Wednesday, May 27, 2009

S&P Awakes From Slumber, Downgrades CMBS

When the Fed decided to open up the Term Auction Lending Facility to newly issued AAA-rated CMBS in March, CMBS investors cheered. The CMBS market has been dead for nearly two years, with zero issuance so far this year and only $10 billion in all of 2008. How’s anyone supposed to make any money if nobody is doing deals? After their success with opening up the TALF to new issuance, commercial real estate investors lobbied the Fed, begged and pleaded to seek inclusion of legacy CMBS, particularly those issued during the highly toxic 2005-2007 era, into the TALF. It seems the market has been “distorted” by the fact that everybody on the planet knows that most of those deals were structured using too little equity and anticipating overly optimistic increases in rent and valuation. Nobody wants to buy these deals anymore, at least not at the prices where current investors are wearing them. So if the Fed could just do everybody a big favor and grease the wheels a little bit, then we could all just get back to the business of doing really moronic commercial real estate deals that make zero financial sense with everyone collecting their fees along the way, leaving the US taxpayer holding the bag. The Fed, of course, complied by allowing legacy CMBS into TALF, much to the chagrin of many a taxpayer that actually understands how disgusting it is that the Fed, who is supposed to be the steward of monetary policy in this country, has somehow morphed into a big supporter of commercial real estate dealmakers that made their own bed, in this case even without the help of unsophisticated subprime lenders. But then something remarkable happened. One of the rating agencies actually woke up from its slumber and decided it must put an end to the madness. Yesterday, S&P warned that it would downgrade billions of dollars of AAA rated CMBS, specifically those issued between 2005-2007, thus making them ineligible for TALF. Now a cynic might claims that perhaps S&P should’ve never rated these deals AAA to begin with, because frankly, they were stupid. But at least they’re doing something now. I would like to offer my gratitude to S&P for finally doing its job, that of protecting investors, which in this case could’ve included all US taxpayers.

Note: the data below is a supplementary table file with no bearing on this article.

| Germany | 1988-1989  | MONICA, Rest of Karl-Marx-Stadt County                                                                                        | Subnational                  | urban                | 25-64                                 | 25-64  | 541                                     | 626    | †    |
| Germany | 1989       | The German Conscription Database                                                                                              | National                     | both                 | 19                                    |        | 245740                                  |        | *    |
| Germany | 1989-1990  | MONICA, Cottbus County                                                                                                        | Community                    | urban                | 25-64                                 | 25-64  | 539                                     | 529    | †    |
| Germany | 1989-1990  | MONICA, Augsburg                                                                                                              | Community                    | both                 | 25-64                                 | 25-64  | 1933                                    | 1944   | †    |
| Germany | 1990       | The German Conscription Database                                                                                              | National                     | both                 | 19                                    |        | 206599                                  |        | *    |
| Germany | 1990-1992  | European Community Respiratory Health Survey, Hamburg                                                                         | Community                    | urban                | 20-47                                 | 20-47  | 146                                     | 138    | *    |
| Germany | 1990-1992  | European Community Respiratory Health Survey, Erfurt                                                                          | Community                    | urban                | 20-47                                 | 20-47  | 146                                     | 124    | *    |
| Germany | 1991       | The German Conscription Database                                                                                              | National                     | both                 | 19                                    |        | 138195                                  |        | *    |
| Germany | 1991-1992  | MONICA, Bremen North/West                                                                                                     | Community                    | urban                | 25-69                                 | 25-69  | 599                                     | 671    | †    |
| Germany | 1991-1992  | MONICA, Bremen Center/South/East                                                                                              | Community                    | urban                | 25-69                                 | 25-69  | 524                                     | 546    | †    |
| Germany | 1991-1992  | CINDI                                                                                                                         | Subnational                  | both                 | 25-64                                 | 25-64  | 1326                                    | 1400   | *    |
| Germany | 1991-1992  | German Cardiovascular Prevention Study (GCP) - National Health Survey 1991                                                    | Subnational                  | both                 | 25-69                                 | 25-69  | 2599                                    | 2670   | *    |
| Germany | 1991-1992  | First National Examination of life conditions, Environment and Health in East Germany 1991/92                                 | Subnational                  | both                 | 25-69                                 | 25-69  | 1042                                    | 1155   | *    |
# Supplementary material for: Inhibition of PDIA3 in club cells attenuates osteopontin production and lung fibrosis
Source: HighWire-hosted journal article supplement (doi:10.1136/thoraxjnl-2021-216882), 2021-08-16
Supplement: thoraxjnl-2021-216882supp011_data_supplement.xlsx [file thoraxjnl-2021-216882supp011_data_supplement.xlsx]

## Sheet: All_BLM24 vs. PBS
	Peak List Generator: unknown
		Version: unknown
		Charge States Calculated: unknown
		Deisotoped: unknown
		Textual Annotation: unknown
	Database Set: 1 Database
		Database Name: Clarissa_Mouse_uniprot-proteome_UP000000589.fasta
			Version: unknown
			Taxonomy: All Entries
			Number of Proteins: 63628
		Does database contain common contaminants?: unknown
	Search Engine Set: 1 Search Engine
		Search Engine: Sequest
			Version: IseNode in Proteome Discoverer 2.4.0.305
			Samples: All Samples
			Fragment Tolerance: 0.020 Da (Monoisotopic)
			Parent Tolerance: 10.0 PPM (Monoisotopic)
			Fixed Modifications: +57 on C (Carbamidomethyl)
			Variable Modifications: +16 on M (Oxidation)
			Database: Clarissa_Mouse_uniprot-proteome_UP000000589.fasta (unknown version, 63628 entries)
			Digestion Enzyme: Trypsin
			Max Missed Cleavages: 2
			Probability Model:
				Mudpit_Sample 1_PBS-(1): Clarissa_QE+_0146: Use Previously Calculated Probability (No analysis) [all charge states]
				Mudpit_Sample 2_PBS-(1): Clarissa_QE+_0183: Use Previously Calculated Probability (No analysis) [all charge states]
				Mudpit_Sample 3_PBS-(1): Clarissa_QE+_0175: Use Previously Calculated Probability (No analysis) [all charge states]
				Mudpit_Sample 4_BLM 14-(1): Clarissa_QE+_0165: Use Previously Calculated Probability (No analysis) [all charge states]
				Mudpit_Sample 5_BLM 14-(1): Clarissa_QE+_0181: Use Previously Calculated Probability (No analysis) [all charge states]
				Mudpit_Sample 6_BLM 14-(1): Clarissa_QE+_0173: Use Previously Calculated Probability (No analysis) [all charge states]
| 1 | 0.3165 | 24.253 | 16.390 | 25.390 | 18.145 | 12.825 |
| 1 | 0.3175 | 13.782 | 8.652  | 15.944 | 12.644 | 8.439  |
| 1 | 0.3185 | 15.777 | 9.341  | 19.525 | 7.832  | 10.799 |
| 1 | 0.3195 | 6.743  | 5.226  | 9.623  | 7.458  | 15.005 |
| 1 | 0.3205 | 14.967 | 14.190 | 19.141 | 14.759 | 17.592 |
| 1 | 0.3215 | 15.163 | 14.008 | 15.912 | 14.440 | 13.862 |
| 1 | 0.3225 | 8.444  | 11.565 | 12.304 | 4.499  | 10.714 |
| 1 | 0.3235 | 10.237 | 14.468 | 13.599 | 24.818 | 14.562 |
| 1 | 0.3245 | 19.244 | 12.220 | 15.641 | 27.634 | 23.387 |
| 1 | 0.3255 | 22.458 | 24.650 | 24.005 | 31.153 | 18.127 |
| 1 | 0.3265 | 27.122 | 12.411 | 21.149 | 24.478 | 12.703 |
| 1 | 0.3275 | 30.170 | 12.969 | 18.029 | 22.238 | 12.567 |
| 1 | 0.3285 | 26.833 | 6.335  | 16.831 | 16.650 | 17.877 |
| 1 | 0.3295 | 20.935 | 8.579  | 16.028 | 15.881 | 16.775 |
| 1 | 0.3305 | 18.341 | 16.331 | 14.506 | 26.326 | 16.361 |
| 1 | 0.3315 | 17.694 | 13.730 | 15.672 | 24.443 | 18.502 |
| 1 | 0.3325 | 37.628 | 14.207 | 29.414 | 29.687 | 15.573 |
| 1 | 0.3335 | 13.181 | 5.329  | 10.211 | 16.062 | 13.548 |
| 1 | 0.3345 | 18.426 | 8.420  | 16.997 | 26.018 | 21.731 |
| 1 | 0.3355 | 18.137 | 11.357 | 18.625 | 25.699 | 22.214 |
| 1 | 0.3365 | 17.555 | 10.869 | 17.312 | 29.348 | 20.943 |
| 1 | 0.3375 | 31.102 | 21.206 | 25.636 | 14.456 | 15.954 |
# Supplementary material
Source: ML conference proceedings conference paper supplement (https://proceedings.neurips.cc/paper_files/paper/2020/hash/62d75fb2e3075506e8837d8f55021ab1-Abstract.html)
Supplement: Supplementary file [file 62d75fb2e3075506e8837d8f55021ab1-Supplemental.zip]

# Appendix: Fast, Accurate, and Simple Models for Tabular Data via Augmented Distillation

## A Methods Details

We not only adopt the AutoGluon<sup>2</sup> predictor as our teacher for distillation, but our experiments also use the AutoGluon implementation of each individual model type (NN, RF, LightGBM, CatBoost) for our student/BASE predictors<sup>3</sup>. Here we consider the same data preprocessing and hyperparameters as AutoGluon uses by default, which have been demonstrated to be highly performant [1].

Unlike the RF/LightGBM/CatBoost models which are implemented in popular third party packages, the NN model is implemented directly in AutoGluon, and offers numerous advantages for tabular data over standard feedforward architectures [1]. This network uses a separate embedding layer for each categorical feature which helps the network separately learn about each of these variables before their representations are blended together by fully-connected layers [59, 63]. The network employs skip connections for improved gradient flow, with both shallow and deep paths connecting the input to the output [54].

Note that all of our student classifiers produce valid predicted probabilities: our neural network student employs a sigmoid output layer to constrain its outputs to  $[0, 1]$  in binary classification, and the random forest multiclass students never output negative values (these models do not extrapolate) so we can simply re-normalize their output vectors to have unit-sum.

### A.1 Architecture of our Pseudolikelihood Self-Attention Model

Other interesting tidbits in the WSJ Property Report are follow ups to recent posts. First is a quick story about Arcandor’s potential impending insolvency. Arcandor, the German department-store operator is 51% owned by Whitehall Funds, which is run by Goldman Sachs, faces a June 12th deadline to gain an extension on its debt. It is hitting up the German state-owned development bank for a loan, because government funds are the best bet in getting an investor to throw good money after bad these days. In any event, this would be yet another pie in the face of Whitehall Fund investors, not to mention Goldman Sachs.

A follow up to another recent post is an snippet on real estate developer Kent Swig. Last we checked in with Mr. Swig, he was tied up in legal proceedings with the Lehman bankruptcy estate over 25 Broad, a 346-unit luxury condo development that has since soured. Lehman filed to foreclose in January, and last week a New York state court granted a request to appoint a receiver for 25 Broad. No doubt this story will only get more interesting. I'll keep you posted.

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